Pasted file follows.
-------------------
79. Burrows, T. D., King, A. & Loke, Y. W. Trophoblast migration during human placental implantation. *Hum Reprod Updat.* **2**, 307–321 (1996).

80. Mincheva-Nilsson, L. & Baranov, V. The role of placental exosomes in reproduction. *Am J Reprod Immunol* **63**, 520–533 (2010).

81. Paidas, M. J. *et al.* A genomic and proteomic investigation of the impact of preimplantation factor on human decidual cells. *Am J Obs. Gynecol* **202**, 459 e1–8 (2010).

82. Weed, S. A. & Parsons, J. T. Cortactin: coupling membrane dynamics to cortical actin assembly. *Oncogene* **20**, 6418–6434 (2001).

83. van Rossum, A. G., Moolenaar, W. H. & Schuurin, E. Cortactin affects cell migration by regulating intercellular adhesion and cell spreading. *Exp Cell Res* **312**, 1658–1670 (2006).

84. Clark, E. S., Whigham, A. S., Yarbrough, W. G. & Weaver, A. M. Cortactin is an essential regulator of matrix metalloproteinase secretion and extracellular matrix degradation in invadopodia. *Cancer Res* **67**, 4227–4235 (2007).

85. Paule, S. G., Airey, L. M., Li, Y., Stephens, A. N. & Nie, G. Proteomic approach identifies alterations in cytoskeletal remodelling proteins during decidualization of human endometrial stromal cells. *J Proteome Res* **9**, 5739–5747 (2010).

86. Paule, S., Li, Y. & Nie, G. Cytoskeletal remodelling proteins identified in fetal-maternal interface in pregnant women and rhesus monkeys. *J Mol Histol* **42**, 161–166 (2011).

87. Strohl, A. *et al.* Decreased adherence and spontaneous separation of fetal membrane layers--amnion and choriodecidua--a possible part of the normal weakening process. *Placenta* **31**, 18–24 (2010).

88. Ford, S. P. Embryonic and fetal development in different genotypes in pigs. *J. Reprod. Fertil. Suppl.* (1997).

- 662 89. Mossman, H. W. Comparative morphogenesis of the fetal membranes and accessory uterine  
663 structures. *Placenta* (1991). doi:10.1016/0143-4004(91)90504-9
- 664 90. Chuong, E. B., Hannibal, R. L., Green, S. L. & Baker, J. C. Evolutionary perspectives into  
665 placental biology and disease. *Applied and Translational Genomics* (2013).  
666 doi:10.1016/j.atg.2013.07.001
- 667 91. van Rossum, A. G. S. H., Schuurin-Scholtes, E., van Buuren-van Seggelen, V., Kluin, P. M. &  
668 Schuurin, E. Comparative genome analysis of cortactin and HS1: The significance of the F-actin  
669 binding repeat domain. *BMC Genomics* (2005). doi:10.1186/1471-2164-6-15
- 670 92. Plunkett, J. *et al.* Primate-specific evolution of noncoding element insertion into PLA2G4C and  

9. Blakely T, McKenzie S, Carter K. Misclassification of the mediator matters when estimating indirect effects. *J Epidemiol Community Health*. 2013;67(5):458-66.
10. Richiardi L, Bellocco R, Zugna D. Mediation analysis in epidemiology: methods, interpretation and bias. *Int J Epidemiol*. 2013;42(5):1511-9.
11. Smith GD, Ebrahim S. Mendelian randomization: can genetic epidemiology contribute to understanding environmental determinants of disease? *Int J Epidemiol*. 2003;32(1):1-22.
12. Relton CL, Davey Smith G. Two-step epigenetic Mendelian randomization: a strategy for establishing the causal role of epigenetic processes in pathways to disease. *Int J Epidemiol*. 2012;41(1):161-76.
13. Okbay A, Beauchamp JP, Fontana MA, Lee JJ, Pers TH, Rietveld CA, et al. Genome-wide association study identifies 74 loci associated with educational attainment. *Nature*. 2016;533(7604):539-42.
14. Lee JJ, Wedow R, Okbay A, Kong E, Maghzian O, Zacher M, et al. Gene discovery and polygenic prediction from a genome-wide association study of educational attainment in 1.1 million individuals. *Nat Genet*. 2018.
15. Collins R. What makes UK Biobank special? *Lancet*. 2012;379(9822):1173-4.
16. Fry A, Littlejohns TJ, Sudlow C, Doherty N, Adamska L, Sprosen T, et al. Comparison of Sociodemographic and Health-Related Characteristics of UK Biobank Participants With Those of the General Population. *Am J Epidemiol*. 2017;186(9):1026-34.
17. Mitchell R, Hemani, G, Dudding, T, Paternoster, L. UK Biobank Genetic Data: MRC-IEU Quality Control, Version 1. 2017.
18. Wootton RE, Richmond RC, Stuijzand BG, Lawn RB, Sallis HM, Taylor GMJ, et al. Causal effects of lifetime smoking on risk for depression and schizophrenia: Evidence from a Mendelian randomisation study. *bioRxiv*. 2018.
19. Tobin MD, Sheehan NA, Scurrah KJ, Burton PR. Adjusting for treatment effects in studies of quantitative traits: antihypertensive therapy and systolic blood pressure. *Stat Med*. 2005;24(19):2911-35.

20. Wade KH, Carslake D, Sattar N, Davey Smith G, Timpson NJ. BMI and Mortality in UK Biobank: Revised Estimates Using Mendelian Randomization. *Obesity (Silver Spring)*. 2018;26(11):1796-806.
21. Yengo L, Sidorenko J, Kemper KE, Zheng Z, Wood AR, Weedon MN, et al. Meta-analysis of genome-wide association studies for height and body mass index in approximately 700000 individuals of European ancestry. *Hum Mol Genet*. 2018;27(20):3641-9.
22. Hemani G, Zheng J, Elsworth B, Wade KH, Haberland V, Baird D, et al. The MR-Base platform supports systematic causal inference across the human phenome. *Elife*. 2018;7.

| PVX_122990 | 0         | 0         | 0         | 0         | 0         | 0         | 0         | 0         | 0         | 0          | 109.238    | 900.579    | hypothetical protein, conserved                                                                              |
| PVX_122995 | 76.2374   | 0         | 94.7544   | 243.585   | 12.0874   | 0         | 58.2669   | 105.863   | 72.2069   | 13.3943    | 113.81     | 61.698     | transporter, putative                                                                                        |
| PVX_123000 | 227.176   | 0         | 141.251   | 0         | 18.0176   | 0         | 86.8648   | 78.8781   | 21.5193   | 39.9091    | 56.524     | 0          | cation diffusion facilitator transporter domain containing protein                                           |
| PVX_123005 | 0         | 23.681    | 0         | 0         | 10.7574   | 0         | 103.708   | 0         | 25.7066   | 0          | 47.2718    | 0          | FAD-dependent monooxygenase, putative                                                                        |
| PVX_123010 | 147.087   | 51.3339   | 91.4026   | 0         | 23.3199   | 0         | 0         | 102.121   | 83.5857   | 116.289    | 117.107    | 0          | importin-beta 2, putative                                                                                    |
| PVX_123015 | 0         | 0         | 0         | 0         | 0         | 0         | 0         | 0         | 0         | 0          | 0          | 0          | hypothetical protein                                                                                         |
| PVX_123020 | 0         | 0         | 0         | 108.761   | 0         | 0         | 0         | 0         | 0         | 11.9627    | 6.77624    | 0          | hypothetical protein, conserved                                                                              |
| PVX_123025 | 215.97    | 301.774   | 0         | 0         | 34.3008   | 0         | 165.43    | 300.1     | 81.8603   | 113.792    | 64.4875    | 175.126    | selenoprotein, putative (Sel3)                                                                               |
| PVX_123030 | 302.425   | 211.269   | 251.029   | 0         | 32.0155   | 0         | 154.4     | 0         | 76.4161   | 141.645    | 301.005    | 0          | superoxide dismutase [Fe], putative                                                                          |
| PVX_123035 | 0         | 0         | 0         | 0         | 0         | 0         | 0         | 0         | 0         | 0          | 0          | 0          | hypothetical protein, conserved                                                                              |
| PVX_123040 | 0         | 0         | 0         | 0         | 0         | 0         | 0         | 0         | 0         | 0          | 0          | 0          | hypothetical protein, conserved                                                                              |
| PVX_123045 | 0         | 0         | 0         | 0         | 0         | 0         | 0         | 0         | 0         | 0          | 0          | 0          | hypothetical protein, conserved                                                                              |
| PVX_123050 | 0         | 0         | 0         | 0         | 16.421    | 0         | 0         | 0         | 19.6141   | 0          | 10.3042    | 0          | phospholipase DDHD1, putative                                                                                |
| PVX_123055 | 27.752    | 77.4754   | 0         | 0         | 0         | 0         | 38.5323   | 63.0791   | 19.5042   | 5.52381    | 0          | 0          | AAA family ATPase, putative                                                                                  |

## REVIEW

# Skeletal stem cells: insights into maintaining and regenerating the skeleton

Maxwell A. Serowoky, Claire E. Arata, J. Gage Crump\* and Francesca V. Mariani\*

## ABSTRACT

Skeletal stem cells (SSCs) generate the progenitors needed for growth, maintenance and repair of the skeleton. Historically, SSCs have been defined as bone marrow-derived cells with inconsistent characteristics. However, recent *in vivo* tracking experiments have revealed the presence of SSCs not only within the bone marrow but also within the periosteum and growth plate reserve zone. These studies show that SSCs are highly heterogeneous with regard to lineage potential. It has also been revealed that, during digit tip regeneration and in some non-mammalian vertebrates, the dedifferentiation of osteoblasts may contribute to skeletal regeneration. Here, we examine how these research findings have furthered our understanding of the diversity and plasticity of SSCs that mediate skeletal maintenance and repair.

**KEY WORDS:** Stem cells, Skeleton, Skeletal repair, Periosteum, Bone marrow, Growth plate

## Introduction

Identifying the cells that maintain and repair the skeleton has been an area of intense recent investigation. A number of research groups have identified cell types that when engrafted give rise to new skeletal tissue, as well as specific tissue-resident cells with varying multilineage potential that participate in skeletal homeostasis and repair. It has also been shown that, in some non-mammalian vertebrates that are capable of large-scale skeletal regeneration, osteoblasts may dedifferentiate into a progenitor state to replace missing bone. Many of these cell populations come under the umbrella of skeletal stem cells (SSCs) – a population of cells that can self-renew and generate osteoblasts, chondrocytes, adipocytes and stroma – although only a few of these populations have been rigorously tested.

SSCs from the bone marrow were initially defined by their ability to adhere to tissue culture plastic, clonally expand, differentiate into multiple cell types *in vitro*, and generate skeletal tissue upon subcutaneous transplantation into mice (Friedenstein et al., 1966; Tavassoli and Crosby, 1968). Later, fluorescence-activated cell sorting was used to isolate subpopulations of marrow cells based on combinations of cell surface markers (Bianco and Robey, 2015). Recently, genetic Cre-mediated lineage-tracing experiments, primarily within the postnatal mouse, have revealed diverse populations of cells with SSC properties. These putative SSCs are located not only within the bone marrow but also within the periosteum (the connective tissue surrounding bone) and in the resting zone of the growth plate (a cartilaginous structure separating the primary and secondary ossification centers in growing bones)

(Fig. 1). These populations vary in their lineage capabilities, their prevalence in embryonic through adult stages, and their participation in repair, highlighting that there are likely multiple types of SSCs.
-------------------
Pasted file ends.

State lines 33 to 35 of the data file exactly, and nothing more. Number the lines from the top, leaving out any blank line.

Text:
22. Hemani G, Zheng J, Elsworth B, Wade KH, Haberland V, Baird D, et al. The MR-Base platform supports systematic causal inference across the human phenome. *Elife*. 2018;7.

| PVX_122990 | 0         | 0         | 0         | 0         | 0         | 0         | 0         | 0         | 0         | 0          | 109.238    | 900.579    | hypothetical protein, conserved                                                                              |
| PVX_122995 | 76.2374   | 0         | 94.7544   | 243.585   | 12.0874   | 0         | 58.2669   | 105.863   | 72.2069   | 13.3943    | 113.81     | 61.698     | transporter, putative                                                                                        |